Academic journal article Iranian Journal of Public Health

Climate Change and Simulation of Cardiovascular Disease Mortality: A Case Study of Mashhad, Iran

Academic journal article Iranian Journal of Public Health

Climate Change and Simulation of Cardiovascular Disease Mortality: A Case Study of Mashhad, Iran

Article excerpt

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The human body is affected by the thermal environment, influenced by many different factors air temperature, radiant temperature, humidity and air movement are the four basic environmental variables that affect human response to thermal environments (1-3). The relationship between high temperatures and the increase in mortality and disease rates has been described in detail for all over the world (4, 5). Usually days with high and low temperatures have relationships with mortality rate (6-9). The relationship between temperature and mortality had been extensively studied in Europe (10), United States (11-14) Australia (15-21), Korea (22) and Iran (24). For example, the change in all natural mortality associated with 1 °C increase in maximum temperature above the city-specific threshold was 3.12% (95% credibility interval = 0.60% to 5.72%) in the Mediterranean region and 1.84% (0.06% to 3.64%) in the north-continental region. Evaluating the association between ambient air temperature and specific health outcomes can help in identifying vulnerable populations and formulating preventive actions (25).

Cardiovascular diseases are considered as the first causes of morality in the world and the morality caused by these diseases are much more than any other causes (26). Several studies have examined the effects of air temperature on overall cardiovascular mortality (10, 27). The relationship be- tween temperature and morality caused by cardiovascular diseases in forms of v, u, and j. This issue indicates that the risk of mortality of cardiovascular diseases increases for days with hot and cold temperatures (28).

According to the UN's Intergovernmental Panel on Climate Change (IPCC) Fourth Assessment Report, climate change is likely to affect human health directly through changes in temperature and precipitation and indirectly through changes in the ranges of disease vectors (e.g., mosquitoes) and other channels (29). Climate change is potentially the biggest global health threat in the 21st century (17, 30). Future climate change will increase the frequency, intensity, and duration of heat waves (31). Not only has the global average temperature increased, but the frequency and intensity of extreme temperatures (e.g., heat waves and cold spells) have, also, the projected changes in surface air temperature in West Asia range between 1.26 and 6.3 °C over the period 2010-2099 (with respect to the baseline period (1961-1990) for the B1 and A1F1 scenarios (32).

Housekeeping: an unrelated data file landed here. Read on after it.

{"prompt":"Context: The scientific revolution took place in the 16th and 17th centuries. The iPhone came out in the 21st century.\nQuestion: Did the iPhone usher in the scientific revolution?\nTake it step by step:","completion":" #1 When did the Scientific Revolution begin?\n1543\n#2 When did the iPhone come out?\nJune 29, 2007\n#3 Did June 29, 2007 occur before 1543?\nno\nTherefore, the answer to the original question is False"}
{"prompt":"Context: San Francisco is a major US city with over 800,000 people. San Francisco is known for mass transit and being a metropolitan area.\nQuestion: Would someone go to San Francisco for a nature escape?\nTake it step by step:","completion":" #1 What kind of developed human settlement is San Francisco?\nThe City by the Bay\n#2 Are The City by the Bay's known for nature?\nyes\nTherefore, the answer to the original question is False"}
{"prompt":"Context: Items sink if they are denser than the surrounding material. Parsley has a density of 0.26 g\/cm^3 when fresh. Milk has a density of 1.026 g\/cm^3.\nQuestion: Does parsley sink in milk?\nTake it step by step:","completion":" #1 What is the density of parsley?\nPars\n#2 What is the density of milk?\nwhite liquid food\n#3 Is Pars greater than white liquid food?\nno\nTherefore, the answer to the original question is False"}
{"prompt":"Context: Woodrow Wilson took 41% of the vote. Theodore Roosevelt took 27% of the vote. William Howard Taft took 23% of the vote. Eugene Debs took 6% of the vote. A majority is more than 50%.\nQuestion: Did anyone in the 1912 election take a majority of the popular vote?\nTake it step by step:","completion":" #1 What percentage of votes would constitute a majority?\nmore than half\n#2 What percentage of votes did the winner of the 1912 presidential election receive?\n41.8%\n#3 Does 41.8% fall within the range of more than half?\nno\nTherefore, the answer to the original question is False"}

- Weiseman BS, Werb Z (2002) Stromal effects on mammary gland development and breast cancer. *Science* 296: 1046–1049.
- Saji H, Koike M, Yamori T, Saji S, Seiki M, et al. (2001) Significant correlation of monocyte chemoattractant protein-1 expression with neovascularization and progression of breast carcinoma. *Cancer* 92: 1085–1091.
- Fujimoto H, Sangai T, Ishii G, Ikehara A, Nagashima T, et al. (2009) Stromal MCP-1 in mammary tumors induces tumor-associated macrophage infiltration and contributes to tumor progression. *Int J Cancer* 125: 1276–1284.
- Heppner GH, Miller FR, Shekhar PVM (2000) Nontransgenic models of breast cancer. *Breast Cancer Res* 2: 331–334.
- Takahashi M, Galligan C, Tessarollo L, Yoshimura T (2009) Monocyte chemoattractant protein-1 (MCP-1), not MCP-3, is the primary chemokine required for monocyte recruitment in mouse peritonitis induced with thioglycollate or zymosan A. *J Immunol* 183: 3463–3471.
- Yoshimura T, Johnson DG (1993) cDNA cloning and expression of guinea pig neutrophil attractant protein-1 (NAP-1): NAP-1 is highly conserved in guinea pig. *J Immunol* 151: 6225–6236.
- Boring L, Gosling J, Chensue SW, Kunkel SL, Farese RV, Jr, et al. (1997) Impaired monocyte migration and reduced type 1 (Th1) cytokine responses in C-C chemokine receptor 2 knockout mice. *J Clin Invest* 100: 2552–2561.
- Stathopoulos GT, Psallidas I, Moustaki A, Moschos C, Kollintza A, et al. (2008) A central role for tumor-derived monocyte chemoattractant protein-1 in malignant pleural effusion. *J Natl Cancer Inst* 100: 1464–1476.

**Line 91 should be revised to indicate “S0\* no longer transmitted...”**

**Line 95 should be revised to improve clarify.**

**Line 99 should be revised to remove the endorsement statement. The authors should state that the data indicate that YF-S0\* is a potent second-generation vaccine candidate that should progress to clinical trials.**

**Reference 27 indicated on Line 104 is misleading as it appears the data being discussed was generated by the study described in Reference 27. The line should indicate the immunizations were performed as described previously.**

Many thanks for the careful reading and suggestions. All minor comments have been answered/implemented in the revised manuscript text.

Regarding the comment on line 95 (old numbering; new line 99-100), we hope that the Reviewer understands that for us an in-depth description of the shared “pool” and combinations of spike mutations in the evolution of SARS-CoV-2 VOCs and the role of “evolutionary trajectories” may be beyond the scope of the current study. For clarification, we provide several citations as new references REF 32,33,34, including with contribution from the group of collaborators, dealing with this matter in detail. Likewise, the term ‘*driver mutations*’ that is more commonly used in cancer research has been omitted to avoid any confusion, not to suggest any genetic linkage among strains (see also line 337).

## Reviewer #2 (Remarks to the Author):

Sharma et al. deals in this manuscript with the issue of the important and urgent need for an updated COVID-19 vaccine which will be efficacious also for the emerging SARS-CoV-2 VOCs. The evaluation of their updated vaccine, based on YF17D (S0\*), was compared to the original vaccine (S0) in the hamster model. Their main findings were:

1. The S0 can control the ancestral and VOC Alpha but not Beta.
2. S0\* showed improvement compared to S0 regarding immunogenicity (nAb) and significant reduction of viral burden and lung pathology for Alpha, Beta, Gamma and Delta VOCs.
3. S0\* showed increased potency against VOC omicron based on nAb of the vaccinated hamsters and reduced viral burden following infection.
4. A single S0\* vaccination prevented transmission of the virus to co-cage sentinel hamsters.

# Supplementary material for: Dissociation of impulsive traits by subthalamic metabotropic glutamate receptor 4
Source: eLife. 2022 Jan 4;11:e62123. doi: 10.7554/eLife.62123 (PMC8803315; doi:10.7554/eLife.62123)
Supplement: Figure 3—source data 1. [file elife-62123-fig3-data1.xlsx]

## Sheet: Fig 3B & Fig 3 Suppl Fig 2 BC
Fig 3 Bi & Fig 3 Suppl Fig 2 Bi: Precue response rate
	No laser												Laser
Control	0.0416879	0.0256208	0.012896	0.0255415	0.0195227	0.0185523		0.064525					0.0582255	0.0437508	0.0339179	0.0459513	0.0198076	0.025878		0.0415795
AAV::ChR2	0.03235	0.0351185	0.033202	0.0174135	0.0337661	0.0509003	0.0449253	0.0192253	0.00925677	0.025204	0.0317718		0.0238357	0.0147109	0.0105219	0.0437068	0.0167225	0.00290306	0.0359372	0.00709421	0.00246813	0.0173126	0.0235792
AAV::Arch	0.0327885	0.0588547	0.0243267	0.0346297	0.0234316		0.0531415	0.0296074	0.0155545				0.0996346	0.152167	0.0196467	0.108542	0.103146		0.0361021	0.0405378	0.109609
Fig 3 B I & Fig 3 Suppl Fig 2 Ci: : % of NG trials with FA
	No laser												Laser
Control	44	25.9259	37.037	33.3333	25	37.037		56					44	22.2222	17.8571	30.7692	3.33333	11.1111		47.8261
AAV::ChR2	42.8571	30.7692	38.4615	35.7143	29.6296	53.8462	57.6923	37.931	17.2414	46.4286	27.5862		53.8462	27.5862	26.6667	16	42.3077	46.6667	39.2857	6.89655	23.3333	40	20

The projected temperature rise, along with higher frequency and intensity of heat waves, is expected to increase heat-related premature mortality and illnesses (33, 34). A growing number of studies have projected future heat-related mortality due to climate change in recent years (35-37).

The heat-related mortality were estimated in the UK in the 2020s, 2050s, and 2080s (38). The present-day relationship between daily mean temperature and mortality rates will apply in the future, and have applied an ensemble of climate models working from the Special Report on Emissions Scenarios (SRES) A1B emissions scenario. Using the same method (39) investigated future heat-related mortality impacts in six cities (Boston, Budapest, Dallas, Lisbon, London and Sydney), they showed that higher mortality is attributed to increases in the mean and variability of temperature with climate change rather than with the change in mean temperature alone. Besides, Heatwave considered under three different climate change scenarios for 2081-2100 and in the absence of adaptation (40). Their results showed city of Chicago, Illinois could experience between 166 and 2217 excess deaths per year attributable to heat waves, based on estimates from 7 global climate models. Regional adaptation planning is unfortunately often limited by the lack of quantitative information on potential future health responses. Studies in this field are limited in Iran and a lot of them have been conducted outside Iran. …

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